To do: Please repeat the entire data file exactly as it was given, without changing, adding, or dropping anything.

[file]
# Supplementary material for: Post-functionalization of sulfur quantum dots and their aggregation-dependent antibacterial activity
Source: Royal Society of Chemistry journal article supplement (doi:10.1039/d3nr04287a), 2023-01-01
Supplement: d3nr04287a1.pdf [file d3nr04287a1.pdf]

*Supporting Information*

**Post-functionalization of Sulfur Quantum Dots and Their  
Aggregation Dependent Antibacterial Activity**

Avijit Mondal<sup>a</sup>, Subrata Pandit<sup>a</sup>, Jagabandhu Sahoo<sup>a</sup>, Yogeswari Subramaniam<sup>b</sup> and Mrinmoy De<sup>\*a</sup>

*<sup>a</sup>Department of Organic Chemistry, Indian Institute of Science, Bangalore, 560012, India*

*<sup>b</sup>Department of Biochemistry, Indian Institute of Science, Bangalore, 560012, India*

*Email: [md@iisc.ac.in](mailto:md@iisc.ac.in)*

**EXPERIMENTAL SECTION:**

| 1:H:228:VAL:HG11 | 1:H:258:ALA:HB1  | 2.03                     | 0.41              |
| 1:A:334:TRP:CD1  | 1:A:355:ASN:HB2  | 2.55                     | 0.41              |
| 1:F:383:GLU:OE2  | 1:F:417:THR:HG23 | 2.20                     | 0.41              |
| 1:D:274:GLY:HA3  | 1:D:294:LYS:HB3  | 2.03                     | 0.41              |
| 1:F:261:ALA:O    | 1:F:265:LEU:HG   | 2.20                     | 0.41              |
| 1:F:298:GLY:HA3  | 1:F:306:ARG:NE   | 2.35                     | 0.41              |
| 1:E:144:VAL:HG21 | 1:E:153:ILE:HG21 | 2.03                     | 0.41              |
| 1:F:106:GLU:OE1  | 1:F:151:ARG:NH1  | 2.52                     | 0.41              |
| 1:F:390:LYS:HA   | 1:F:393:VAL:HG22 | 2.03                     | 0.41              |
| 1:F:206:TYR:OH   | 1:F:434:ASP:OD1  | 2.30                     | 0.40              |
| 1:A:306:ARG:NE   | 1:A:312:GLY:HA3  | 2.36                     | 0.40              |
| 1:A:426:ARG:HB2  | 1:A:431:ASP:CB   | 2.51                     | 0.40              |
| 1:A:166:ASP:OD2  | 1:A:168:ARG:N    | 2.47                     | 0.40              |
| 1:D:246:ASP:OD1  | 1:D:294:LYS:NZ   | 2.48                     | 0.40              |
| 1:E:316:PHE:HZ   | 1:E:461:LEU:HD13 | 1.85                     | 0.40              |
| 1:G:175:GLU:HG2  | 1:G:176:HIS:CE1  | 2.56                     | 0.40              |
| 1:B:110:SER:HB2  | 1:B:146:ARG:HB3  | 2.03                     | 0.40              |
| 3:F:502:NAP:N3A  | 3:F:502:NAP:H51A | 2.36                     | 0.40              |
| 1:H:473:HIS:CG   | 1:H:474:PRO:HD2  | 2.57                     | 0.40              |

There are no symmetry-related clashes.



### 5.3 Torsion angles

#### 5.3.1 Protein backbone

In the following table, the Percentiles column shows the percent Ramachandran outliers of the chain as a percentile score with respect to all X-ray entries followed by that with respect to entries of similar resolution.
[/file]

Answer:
# Supplementary material for: Post-functionalization of sulfur quantum dots and their aggregation-dependent antibacterial activity
Source: Royal Society of Chemistry journal article supplement (doi:10.1039/d3nr04287a), 2023-01-01
Supplement: d3nr04287a1.pdf [file d3nr04287a1.pdf]

*Supporting Information*

**Post-functionalization of Sulfur Quantum Dots and Their  
Aggregation Dependent Antibacterial Activity**

Avijit Mondal<sup>a</sup>, Subrata Pandit<sup>a</sup>, Jagabandhu Sahoo<sup>a</sup>, Yogeswari Subramaniam<sup>b</sup> and Mrinmoy De<sup>\*a</sup>

*<sup>a</sup>Department of Organic Chemistry, Indian Institute of Science, Bangalore, 560012, India*

*<sup>b</sup>Department of Biochemistry, Indian Institute of Science, Bangalore, 560012, India*

*Email: [md@iisc.ac.in](mailto:md@iisc.ac.in)*

**EXPERIMENTAL SECTION:**

| 1:H:228:VAL:HG11 | 1:H:258:ALA:HB1  | 2.03                     | 0.41              |
| 1:A:334:TRP:CD1  | 1:A:355:ASN:HB2  | 2.55                     | 0.41              |
| 1:F:383:GLU:OE2  | 1:F:417:THR:HG23 | 2.20                     | 0.41              |
| 1:D:274:GLY:HA3  | 1:D:294:LYS:HB3  | 2.03                     | 0.41              |
| 1:F:261:ALA:O    | 1:F:265:LEU:HG   | 2.20                     | 0.41              |
| 1:F:298:GLY:HA3  | 1:F:306:ARG:NE   | 2.35                     | 0.41              |
| 1:E:144:VAL:HG21 | 1:E:153:ILE:HG21 | 2.03                     | 0.41              |
| 1:F:106:GLU:OE1  | 1:F:151:ARG:NH1  | 2.52                     | 0.41              |
| 1:F:390:LYS:HA   | 1:F:393:VAL:HG22 | 2.03                     | 0.41              |
| 1:F:206:TYR:OH   | 1:F:434:ASP:OD1  | 2.30                     | 0.40              |
| 1:A:306:ARG:NE   | 1:A:312:GLY:HA3  | 2.36                     | 0.40              |
| 1:A:426:ARG:HB2  | 1:A:431:ASP:CB   | 2.51                     | 0.40              |
| 1:A:166:ASP:OD2  | 1:A:168:ARG:N    | 2.47                     | 0.40              |
| 1:D:246:ASP:OD1  | 1:D:294:LYS:NZ   | 2.48                     | 0.40              |
| 1:E:316:PHE:HZ   | 1:E:461:LEU:HD13 | 1.85                     | 0.40              |
| 1:G:175:GLU:HG2  | 1:G:176:HIS:CE1  | 2.56                     | 0.40              |
| 1:B:110:SER:HB2  | 1:B:146:ARG:HB3  | 2.03                     | 0.40              |
| 3:F:502:NAP:N3A  | 3:F:502:NAP:H51A | 2.36                     | 0.40              |
| 1:H:473:HIS:CG   | 1:H:474:PRO:HD2  | 2.57                     | 0.40              |

There are no symmetry-related clashes.



### 5.3 Torsion angles

#### 5.3.1 Protein backbone

In the following table, the Percentiles column shows the percent Ramachandran outliers of the chain as a percentile score with respect to all X-ray entries followed by that with respect to entries of similar resolution.